Clearly, these interrelated tables need to be in "sync" from the Manager's perspective, that is, the Manager needs to have the latest updates for each of the tables in order to have an accurate picture of the network. If the tables are not in sync, the Manager's network map depicted by the GUI could, for instance, show TGs extending into space having no destination nodes or, alternatively, could show nodes having no interconnecting TGs.
Presently, there is no mechanism for allowing the Manager to effectively maintain views of its tables which are consistent with those of the Agents.
A new system and method allows a Manager in a Simple Network Management Protocol (SNMP) environment to gather updates from its Agents. The system and method comprise the unique provision of an index which is used in each of the Agent's tables for indicating the various revisions thereof. The index lexicographically increases with each revision to the table. The Manager maintains a record of the index of the data which it has received from its Agents, requesting only that data having a lexicographically larger indexing. Further, the index is used in related tables so that the tables will be kept in "sync" in that the Manager will know whether it has the latest updates so that an accurate picture may be portrayed.
While the technical description concludes with claims particularly pointing out and distinctly claiming that which is regarded as the invention, details of a preferred embodiment of the invention may be more readily ascertained from the following technical description when read in conjunction with the accompanying drawings, where:
FIG. 1 is a block diagram of a representative communications network within which the present invention may be practiced.
FIG. 2 depicts a flow diagram showing traditional SNMP table retrieval using GetNextRequest and GetResponse PDUs between a Manager and an Agent.
FIG. 3 depicts a flow diagram showing a traditional SNMP change/update mechanism between an Agent and a Manager using an SNMP Trap PDU.
FIG. 4 depicts a record of the type stored by the SNMP Agent of the present invention.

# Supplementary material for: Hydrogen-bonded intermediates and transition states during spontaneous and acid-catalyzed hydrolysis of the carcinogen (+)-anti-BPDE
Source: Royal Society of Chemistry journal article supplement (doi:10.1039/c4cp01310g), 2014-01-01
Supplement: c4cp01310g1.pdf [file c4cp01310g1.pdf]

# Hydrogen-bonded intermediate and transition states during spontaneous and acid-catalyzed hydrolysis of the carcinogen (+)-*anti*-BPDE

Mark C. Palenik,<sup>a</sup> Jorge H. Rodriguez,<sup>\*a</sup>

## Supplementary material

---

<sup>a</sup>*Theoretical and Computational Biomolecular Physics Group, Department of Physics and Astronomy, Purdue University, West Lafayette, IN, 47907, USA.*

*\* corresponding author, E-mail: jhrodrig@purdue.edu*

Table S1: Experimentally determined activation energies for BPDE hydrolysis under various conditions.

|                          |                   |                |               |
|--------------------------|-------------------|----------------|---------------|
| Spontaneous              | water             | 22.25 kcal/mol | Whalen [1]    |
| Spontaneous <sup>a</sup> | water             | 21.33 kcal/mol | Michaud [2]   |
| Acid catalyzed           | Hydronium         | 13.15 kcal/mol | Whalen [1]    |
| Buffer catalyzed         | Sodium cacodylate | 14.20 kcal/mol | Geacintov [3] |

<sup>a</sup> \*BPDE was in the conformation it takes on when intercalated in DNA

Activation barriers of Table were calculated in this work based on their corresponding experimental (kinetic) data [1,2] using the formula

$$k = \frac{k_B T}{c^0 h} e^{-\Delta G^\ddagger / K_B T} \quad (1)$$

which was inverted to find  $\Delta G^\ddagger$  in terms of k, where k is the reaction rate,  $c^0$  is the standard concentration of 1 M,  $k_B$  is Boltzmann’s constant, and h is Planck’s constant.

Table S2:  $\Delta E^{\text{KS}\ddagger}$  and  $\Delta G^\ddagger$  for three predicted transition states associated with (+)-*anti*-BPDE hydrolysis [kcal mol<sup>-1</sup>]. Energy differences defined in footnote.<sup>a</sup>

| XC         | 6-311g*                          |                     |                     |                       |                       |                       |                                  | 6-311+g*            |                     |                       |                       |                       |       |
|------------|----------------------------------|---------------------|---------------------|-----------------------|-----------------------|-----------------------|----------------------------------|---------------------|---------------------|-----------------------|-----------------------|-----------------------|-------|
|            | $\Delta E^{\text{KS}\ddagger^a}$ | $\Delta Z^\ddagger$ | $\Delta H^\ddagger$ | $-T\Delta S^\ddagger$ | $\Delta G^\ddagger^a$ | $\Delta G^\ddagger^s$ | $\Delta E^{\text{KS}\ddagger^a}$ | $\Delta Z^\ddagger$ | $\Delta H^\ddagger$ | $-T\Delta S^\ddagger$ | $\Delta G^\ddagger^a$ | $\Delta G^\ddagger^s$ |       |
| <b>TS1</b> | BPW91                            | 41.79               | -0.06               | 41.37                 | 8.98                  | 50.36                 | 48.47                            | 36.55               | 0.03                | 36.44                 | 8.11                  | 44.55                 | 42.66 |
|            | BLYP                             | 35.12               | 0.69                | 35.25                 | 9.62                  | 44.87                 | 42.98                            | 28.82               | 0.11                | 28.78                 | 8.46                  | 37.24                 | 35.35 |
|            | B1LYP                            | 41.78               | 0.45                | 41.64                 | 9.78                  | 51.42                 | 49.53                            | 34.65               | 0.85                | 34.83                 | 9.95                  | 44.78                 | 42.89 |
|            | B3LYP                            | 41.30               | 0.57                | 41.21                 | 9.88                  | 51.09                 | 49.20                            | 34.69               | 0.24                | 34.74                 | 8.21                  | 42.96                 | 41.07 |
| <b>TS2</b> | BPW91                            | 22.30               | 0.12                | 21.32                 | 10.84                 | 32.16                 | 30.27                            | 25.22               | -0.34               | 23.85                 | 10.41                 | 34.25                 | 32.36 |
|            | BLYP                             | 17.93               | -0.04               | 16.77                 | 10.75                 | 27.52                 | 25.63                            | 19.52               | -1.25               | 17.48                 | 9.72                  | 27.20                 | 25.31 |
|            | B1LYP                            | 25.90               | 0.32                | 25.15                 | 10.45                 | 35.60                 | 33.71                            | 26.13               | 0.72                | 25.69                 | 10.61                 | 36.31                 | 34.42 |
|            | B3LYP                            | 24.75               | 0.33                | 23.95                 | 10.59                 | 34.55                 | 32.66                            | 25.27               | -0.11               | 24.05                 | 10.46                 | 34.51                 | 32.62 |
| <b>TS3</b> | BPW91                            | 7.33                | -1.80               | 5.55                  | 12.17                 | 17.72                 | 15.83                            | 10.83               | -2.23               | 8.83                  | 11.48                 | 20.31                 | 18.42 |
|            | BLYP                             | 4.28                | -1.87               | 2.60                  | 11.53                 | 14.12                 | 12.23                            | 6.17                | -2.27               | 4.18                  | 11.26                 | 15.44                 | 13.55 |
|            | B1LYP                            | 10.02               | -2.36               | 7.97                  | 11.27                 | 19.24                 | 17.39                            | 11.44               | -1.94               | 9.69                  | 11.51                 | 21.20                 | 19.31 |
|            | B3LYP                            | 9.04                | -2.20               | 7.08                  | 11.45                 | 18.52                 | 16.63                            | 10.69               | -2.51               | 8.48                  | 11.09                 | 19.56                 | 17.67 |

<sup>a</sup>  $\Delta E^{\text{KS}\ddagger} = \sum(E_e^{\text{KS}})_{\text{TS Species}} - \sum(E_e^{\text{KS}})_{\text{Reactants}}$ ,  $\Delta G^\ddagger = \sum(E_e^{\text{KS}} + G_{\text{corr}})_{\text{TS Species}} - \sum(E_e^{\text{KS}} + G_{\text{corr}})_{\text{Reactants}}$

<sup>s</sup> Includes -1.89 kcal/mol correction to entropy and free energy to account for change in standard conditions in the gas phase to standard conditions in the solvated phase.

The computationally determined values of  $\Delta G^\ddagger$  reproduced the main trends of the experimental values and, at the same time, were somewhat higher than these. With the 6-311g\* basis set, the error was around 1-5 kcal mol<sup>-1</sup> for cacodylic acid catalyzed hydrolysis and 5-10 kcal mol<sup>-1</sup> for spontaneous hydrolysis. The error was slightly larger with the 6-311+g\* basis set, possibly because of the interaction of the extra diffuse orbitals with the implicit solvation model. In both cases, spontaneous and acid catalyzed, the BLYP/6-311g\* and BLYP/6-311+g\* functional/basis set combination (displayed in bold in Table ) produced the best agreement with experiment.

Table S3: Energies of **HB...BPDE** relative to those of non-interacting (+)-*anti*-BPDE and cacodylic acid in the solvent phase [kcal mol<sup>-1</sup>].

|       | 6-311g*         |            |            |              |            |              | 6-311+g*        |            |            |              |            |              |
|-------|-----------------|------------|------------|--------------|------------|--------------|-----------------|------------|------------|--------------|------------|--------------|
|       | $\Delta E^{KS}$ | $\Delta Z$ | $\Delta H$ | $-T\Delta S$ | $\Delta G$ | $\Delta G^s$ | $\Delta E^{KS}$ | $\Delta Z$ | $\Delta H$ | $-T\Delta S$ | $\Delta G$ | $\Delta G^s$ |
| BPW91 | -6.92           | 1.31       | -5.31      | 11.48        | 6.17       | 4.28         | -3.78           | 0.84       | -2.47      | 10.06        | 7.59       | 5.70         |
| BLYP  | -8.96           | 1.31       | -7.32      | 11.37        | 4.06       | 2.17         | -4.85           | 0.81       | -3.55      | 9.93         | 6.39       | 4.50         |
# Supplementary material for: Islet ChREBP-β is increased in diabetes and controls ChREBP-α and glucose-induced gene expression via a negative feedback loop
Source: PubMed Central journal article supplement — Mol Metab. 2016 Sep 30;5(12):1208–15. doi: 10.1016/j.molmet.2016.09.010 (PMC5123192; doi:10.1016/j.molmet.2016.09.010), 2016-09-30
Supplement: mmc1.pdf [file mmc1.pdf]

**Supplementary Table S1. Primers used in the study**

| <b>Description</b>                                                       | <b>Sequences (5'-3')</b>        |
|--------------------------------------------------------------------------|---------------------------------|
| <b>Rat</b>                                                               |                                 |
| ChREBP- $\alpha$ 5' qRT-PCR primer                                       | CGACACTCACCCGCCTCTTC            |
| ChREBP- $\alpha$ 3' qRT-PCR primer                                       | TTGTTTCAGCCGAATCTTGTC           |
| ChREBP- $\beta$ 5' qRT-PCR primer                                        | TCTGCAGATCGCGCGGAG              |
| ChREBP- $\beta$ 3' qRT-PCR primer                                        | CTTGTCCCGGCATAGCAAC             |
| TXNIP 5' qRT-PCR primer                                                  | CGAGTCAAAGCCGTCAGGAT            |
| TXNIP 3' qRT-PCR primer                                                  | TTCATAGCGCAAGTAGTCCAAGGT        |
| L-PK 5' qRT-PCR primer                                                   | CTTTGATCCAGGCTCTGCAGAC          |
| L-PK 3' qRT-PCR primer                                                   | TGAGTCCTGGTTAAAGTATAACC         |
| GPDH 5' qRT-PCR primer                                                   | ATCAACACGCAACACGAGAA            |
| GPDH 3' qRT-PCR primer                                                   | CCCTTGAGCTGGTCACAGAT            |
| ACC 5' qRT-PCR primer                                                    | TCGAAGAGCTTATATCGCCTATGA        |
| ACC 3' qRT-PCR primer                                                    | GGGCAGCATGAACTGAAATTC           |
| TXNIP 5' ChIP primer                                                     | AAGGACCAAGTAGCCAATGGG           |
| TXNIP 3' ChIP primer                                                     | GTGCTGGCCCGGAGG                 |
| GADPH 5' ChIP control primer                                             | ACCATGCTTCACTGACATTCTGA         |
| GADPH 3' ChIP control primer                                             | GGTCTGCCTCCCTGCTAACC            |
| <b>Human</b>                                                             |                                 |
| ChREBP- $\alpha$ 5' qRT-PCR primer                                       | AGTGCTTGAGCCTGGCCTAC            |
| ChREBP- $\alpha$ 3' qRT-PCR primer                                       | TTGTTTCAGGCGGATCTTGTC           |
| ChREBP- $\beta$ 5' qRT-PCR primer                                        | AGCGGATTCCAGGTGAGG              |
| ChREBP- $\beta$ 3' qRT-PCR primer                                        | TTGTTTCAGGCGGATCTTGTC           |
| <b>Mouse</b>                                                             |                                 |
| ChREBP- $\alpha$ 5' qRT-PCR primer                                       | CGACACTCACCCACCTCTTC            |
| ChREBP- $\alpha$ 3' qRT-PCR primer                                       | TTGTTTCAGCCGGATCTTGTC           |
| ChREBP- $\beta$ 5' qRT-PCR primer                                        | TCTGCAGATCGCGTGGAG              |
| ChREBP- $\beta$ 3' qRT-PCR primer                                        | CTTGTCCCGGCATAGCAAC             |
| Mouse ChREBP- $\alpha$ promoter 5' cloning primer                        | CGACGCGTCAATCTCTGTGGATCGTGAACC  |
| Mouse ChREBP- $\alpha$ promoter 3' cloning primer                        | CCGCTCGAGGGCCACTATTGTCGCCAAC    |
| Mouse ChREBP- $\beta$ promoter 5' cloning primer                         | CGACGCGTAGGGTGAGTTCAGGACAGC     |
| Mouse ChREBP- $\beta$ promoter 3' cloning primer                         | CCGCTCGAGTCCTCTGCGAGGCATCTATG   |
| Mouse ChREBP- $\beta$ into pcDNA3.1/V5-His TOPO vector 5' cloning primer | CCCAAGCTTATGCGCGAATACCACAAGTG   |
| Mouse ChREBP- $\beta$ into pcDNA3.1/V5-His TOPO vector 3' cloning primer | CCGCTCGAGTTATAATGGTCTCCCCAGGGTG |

FIG. 5 depicts another record of the type stored by the SNMP Agent of the present invention.
FIG. 6 is a flow diagram showing the flow of messages between a Manager and an Agent of the present invention.
FIG. 7 is a flow diagram performed at the Manager for retrieving an initial table and subsequent record updates.
The method of the present invention is utilized in a system conforming to the Simple Network Management Protocol (SNMP). In such a system, an SNMP Manager can address queries and commands to Agents responsible for monitoring network nodes and devices. The Manager monitors network performance and status; controls operational parameters; and reports, analyzes and isolates faults in its managed domain. Using the present invention, the Manager initially queries its Agents using GetNextRequest PDUs to retrieve the managed objects maintained by the Agents to obtain the initial status of the network. Subsequently, because the Agents use an indexing system which uniquely identifies record updates, the Manager merely polls the Agents for the updates using the last index from the previous retrieval. This process reduces the overhead of re-processing the entire table(s) of thousands of entries which would severely impact the performance of the network, Agent and Manager.
The method of the present invention can best be described in the context of a communications network having a plurality of network nodes, each network node maintaining its own tables defining managed objects and, in addition, having update information therein. In particular, the invention can be implemented in a system as described in commonly assigned U.S. Pat. No. 5,101,348 relating to a method of reducing the amount of information included in topology database update messages between network nodes in a communications network. In such a system, each network node maintains its own list of network resources in a topology database. When the state of a resource "owned" by a particular node changes, the node broadcasts a topology database update (TDU) message to the adjacent nodes. Each adjacent node updates its own topology database and rebroadcasts the message. To minimize the amount of information that must be included in TDU messages when two nodes are reconnected after an outage, each node assigns flow reduction sequence numbers (FRSNs) to TDU messages and keeps a record of the FRSN for the last TDU message sent to an adjacent node. The node also records, for each resource in its database, the FRSN of the last TDU message including that resource. When two nodes are reconnected after an outage, for example, the sending node includes in the TDU message only those resources having a FRSN greater than the FRSN assigned to the last TDU sent to the adjacent node to which the TDU message is directed.